“Can you recommend a book for…?”
“What are you reading right now?”
“What are your favorite books?”
I get asked those types of questions a lot and, as an avid reader and all-around bibliophile, I’m always happy to oblige.
I also like to encourage people to read as much as possible because knowledge benefits you much like compound interest. The more you learn, the more you know; the more you know, the more you can do; the more you can do, the more opportunities you have to succeed.
On the flip side, I also believe there’s little hope for people who aren’t perpetual learners. Life is overwhelmingly complex and chaotic, and it slowly suffocates and devours the lazy and ignorant.
So, if you’re a bookworm on the lookout for good reads, or if you’d like to get into the habit of reading, this book club for you.
The idea here is simple: Every week, I’ll share a book that I’ve particularly liked, why I liked it, and several of my key takeaways from it.
I’ll also keep things short and sweet so you can quickly decide whether the book is likely to be up your alley or not.
If you’ve already read a book that I recommend or have a recommendation of your own to share, don’t be shy! Drop a comment down below and let me–and the rest of us “book clubbers”–know!
Lastly, if you want to be notified when new recommendations go live, hop on my email list and you’ll get each new installment delivered directly to your inbox.
Okay, let’s get to the featured book: The 48 Laws of Power by Robert Greene.
Chances are you’re not a politician, sociopath, or psychopath (*cough* often interchangeable *cough*), so you’re probably not much interested in the arts of obtaining, wielding, and preserving power.
Your primary focus is probably producing a better life for yourself and your loved ones and allowing others to do the same.
Thus, you might think this book isn’t for you. And you’d be wrong.
Your liberal (in the classical meaning, mind you) attitude is a good thing—the type of impulse that promotes peace, security, and prosperity—but it’s naive to assume everyone else operates the same way.
Some people who can’t survive on their own merits are parasites. Others believe they know best and seek to impose their ideas on everyone else. Others still are dominated by antisocial urges that command them to “do unto others before they do unto you.”
Such bad actors are many and often specialize in self-aggrandizement, so you’ll often find them in high places in organizations, commerce, government, and society in general.
This means that unless you plan on operating in complete isolation, you’re going to be involved in the machinations of power whether you realize it or not. And your ultimate success or failure is going to depend at least in part on your ability to advance and protect your interests (power) against those who would stop you.
That, then, is one of the reasons you should read this book: to avoid the tricks and traps of those who would use power to harm and hinder you. That is, to beat them at their own game.
The other, more positive, side of that coin is you should read this book to upgrade your ability to affect your will—to create the body and life you really want. Again, unless your dreams involve you and only you, they’re going to require the considerable accumulation and use of power in the forms of persuasion, inspiration, cooperation, reputation, compulsion, and others.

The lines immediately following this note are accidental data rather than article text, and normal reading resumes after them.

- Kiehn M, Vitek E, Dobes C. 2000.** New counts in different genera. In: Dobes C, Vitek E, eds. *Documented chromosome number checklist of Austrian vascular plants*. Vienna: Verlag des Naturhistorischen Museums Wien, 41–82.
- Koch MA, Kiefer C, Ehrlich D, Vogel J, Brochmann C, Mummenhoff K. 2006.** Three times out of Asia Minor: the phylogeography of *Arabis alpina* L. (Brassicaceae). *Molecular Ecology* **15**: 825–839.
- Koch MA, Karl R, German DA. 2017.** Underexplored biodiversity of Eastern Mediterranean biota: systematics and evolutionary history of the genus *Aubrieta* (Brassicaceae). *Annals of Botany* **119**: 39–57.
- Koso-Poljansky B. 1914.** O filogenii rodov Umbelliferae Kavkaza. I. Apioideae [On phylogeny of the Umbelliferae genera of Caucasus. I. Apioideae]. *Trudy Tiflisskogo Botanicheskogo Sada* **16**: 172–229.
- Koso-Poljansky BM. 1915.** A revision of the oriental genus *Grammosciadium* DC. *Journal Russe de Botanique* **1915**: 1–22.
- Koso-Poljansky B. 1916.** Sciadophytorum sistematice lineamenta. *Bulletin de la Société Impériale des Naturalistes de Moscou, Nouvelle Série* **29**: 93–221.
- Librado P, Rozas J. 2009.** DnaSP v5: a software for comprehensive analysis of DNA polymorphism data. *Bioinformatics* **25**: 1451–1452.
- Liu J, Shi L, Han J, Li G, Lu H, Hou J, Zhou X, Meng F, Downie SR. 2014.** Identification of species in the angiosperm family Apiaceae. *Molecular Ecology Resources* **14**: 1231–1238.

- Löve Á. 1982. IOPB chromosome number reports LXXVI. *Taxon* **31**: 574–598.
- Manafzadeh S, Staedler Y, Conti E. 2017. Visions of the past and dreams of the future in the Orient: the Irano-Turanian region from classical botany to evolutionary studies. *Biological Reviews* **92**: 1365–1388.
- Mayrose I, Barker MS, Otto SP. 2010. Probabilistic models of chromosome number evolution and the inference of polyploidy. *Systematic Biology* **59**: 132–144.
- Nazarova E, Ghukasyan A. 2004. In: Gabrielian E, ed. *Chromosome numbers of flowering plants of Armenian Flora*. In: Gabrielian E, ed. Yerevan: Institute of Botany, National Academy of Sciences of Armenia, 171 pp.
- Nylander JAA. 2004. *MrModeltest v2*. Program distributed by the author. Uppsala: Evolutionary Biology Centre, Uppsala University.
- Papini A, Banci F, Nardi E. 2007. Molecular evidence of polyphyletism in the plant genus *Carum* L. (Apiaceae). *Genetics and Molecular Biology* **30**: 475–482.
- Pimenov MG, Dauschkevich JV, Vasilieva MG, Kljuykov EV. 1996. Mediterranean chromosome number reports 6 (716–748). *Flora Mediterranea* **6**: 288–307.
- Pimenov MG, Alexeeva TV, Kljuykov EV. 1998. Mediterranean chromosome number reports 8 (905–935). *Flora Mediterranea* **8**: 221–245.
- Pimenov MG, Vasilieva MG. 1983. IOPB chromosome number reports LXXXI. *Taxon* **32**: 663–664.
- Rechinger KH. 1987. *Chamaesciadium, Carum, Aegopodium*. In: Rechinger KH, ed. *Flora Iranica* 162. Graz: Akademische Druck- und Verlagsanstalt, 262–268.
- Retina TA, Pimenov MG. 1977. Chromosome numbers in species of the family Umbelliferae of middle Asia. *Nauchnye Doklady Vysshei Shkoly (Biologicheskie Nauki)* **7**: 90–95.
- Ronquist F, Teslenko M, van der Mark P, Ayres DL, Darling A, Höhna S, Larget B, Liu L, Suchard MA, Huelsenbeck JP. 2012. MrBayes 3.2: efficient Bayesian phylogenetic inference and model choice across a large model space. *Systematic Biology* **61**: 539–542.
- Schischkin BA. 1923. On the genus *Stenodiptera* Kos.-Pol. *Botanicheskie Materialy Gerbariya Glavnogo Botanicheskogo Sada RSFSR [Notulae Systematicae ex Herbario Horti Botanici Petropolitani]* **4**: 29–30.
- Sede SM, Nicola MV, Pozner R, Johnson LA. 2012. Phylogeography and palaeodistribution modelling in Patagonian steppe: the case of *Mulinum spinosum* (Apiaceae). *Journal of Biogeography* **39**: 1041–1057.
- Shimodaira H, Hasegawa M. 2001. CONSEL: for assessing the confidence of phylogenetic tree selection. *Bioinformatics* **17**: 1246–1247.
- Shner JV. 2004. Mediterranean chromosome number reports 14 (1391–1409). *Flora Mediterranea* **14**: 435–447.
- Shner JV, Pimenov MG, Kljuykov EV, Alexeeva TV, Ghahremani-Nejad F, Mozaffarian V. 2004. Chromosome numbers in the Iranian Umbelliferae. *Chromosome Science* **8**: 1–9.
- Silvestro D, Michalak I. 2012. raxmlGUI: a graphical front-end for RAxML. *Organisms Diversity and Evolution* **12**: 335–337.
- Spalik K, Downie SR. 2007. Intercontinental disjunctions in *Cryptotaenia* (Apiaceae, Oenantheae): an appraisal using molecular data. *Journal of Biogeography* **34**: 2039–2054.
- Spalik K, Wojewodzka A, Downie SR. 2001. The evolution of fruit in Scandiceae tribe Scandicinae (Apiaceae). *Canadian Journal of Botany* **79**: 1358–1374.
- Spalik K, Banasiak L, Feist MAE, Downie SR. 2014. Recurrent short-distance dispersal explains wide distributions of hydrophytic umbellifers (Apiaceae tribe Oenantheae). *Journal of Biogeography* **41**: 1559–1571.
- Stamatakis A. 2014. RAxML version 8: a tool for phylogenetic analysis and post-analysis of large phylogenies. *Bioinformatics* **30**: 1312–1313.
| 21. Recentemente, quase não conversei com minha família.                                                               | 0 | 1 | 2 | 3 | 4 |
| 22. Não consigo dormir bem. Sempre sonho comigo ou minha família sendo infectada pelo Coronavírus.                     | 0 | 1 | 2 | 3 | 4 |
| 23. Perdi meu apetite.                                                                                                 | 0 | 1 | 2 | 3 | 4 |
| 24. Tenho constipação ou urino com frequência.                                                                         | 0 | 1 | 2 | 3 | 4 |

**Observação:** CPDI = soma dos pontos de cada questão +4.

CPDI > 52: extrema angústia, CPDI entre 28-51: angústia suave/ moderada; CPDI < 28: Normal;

This book gives you information you can use to form your own “power playbook” to facilitate your goals.
Some people find 48 Laws distasteful because of its cynical disregard of morality, but this is hardly a reason to condemn or avoid it. In fact, I think we can benefit from its clinical, unprincipled posture because it allows us first to observe what works and then decide for ourselves what’s right.
For example, in the book, Greene says the following:
Honesty is one of the best ways to disarm the wary, but it is not the only one. Any kind of noble, apparently selfless act will serve. Perhaps the best such act, though, is one of generosity. Few people can resist a gift, even from the most hardened enemy, which is why it is often the perfect way to disarm people. A gift brings out the child in us, instantly lowering our defenses.
This is true. It works. Honesty and generosity are powerful psychological influencers that can be used for good or evil. Whether you use them to exploit or enrich is up to you.
Let’s get to the takeaways.
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Because most people are too imprisoned in the moment to plan with this kind of foresight, the ability to ignore immediate dangers and pleasures translates into power. It is the power of being able to overcome the natural human tendency to react to things as they happen, and instead to train oneself to step back, imagining the larger things taking shape beyond one’s immediate vision. Most people believe that they are in fact aware of the future, that they are planning and thinking ahead. They are usually deluded: What they are really doing is succumbing to their desires, to what they want the future to be. Their plans are vague, based on their imaginations rather than their reality. They may believe they are thinking all the way to the end, but they are really only focusing on the happy ending, and deluding themselves by the strength of their desire.
One of the primary factors that has distinguished history’s grand strategists is their singular focus on specific, detailed goals. They spend an inordinate amount of time contemplating their goals, imagining how it’ll feel to accomplish them, and visualizing how they’ll unfold and what success will look like.
Napoleon was a good example of this. He believed that a strategist could create his own luck through calculation, planning, and flexibility, so in preparation for a campaign, he would spend days poring over maps and reconnaissance reports to develop a in-depth strategy that included all possible permutations of attacks and counterattacks that he and his opponents could make.
He was so good at this that before the fighting even began, he would often point to exact spots on maps where he predicted the final battles would end. Time and again, his prophecies proved uncannily correct.
While the stakes may be lower in our endeavors, we can still benefit greatly from a similar approach. We can channel a bit of Napoleon’s power by clearly envisioning what we want to achieve, creating detailed and practical plans to realize our aims, and staying laser-focused on executing our schemes.